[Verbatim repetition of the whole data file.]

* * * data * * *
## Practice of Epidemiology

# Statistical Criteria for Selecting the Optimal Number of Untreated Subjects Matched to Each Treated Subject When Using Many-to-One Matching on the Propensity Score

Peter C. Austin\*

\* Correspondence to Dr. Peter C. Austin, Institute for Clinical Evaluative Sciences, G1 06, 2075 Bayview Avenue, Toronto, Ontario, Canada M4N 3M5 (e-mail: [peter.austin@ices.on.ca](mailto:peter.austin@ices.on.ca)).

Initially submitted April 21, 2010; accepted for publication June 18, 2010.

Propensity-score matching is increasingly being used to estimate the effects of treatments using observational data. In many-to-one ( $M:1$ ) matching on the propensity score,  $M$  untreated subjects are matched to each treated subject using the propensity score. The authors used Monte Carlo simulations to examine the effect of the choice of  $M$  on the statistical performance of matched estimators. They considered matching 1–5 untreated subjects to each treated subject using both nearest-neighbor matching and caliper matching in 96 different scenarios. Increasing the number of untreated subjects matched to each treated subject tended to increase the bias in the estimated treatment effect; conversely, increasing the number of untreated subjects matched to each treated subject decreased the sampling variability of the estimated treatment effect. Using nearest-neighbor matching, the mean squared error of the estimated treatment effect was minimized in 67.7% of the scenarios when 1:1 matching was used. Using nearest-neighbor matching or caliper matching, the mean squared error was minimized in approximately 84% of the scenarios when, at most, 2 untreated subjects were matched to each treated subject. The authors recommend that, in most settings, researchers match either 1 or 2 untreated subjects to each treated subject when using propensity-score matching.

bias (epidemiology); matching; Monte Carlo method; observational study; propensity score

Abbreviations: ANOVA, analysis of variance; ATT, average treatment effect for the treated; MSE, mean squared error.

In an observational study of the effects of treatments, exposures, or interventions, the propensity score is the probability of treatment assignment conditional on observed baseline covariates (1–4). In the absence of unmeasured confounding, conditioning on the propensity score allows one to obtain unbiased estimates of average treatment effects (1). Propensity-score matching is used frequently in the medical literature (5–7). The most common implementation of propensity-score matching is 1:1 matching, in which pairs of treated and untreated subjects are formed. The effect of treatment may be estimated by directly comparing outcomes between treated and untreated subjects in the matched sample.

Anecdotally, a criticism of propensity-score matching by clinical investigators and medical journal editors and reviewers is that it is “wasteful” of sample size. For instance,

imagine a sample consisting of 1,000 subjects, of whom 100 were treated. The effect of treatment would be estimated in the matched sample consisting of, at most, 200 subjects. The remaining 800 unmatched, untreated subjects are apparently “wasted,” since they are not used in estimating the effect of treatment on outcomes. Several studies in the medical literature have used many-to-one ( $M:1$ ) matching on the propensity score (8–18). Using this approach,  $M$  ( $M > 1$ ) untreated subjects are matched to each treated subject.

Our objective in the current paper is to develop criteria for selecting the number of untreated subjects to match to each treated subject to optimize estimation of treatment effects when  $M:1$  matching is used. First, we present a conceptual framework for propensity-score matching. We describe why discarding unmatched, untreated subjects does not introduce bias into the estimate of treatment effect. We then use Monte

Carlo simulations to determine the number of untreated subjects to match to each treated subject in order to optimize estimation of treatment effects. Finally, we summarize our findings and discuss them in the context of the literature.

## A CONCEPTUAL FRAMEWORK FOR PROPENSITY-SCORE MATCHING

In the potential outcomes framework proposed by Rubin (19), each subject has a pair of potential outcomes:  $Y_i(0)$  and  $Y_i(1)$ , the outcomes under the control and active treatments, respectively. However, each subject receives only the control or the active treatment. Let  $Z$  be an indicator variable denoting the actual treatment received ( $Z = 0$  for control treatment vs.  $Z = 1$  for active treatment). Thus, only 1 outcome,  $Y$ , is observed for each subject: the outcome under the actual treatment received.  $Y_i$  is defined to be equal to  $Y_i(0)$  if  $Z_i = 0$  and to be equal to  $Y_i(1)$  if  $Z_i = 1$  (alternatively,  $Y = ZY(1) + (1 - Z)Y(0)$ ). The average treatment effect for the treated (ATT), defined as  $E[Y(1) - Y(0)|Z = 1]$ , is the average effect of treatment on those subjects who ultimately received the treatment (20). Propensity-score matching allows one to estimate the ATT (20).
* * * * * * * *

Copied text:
## Practice of Epidemiology

# Statistical Criteria for Selecting the Optimal Number of Untreated Subjects Matched to Each Treated Subject When Using Many-to-One Matching on the Propensity Score

Peter C. Austin\*

\* Correspondence to Dr. Peter C. Austin, Institute for Clinical Evaluative Sciences, G1 06, 2075 Bayview Avenue, Toronto, Ontario, Canada M4N 3M5 (e-mail: [peter.austin@ices.on.ca](mailto:peter.austin@ices.on.ca)).

Initially submitted April 21, 2010; accepted for publication June 18, 2010.

Propensity-score matching is increasingly being used to estimate the effects of treatments using observational data. In many-to-one ( $M:1$ ) matching on the propensity score,  $M$  untreated subjects are matched to each treated subject using the propensity score. The authors used Monte Carlo simulations to examine the effect of the choice of  $M$  on the statistical performance of matched estimators. They considered matching 1–5 untreated subjects to each treated subject using both nearest-neighbor matching and caliper matching in 96 different scenarios. Increasing the number of untreated subjects matched to each treated subject tended to increase the bias in the estimated treatment effect; conversely, increasing the number of untreated subjects matched to each treated subject decreased the sampling variability of the estimated treatment effect. Using nearest-neighbor matching, the mean squared error of the estimated treatment effect was minimized in 67.7% of the scenarios when 1:1 matching was used. Using nearest-neighbor matching or caliper matching, the mean squared error was minimized in approximately 84% of the scenarios when, at most, 2 untreated subjects were matched to each treated subject. The authors recommend that, in most settings, researchers match either 1 or 2 untreated subjects to each treated subject when using propensity-score matching.

bias (epidemiology); matching; Monte Carlo method; observational study; propensity score

Abbreviations: ANOVA, analysis of variance; ATT, average treatment effect for the treated; MSE, mean squared error.

In an observational study of the effects of treatments, exposures, or interventions, the propensity score is the probability of treatment assignment conditional on observed baseline covariates (1–4). In the absence of unmeasured confounding, conditioning on the propensity score allows one to obtain unbiased estimates of average treatment effects (1). Propensity-score matching is used frequently in the medical literature (5–7). The most common implementation of propensity-score matching is 1:1 matching, in which pairs of treated and untreated subjects are formed. The effect of treatment may be estimated by directly comparing outcomes between treated and untreated subjects in the matched sample.

Anecdotally, a criticism of propensity-score matching by clinical investigators and medical journal editors and reviewers is that it is “wasteful” of sample size. For instance,

imagine a sample consisting of 1,000 subjects, of whom 100 were treated. The effect of treatment would be estimated in the matched sample consisting of, at most, 200 subjects. The remaining 800 unmatched, untreated subjects are apparently “wasted,” since they are not used in estimating the effect of treatment on outcomes. Several studies in the medical literature have used many-to-one ( $M:1$ ) matching on the propensity score (8–18). Using this approach,  $M$  ( $M > 1$ ) untreated subjects are matched to each treated subject.

Our objective in the current paper is to develop criteria for selecting the number of untreated subjects to match to each treated subject to optimize estimation of treatment effects when  $M:1$  matching is used. First, we present a conceptual framework for propensity-score matching. We describe why discarding unmatched, untreated subjects does not introduce bias into the estimate of treatment effect. We then use Monte

Carlo simulations to determine the number of untreated subjects to match to each treated subject in order to optimize estimation of treatment effects. Finally, we summarize our findings and discuss them in the context of the literature.

## A CONCEPTUAL FRAMEWORK FOR PROPENSITY-SCORE MATCHING

In the potential outcomes framework proposed by Rubin (19), each subject has a pair of potential outcomes:  $Y_i(0)$  and  $Y_i(1)$ , the outcomes under the control and active treatments, respectively. However, each subject receives only the control or the active treatment. Let  $Z$  be an indicator variable denoting the actual treatment received ( $Z = 0$  for control treatment vs.  $Z = 1$  for active treatment). Thus, only 1 outcome,  $Y$ , is observed for each subject: the outcome under the actual treatment received.  $Y_i$  is defined to be equal to  $Y_i(0)$  if  $Z_i = 0$  and to be equal to  $Y_i(1)$  if  $Z_i = 1$  (alternatively,  $Y = ZY(1) + (1 - Z)Y(0)$ ). The average treatment effect for the treated (ATT), defined as  $E[Y(1) - Y(0)|Z = 1]$ , is the average effect of treatment on those subjects who ultimately received the treatment (20). Propensity-score matching allows one to estimate the ATT (20).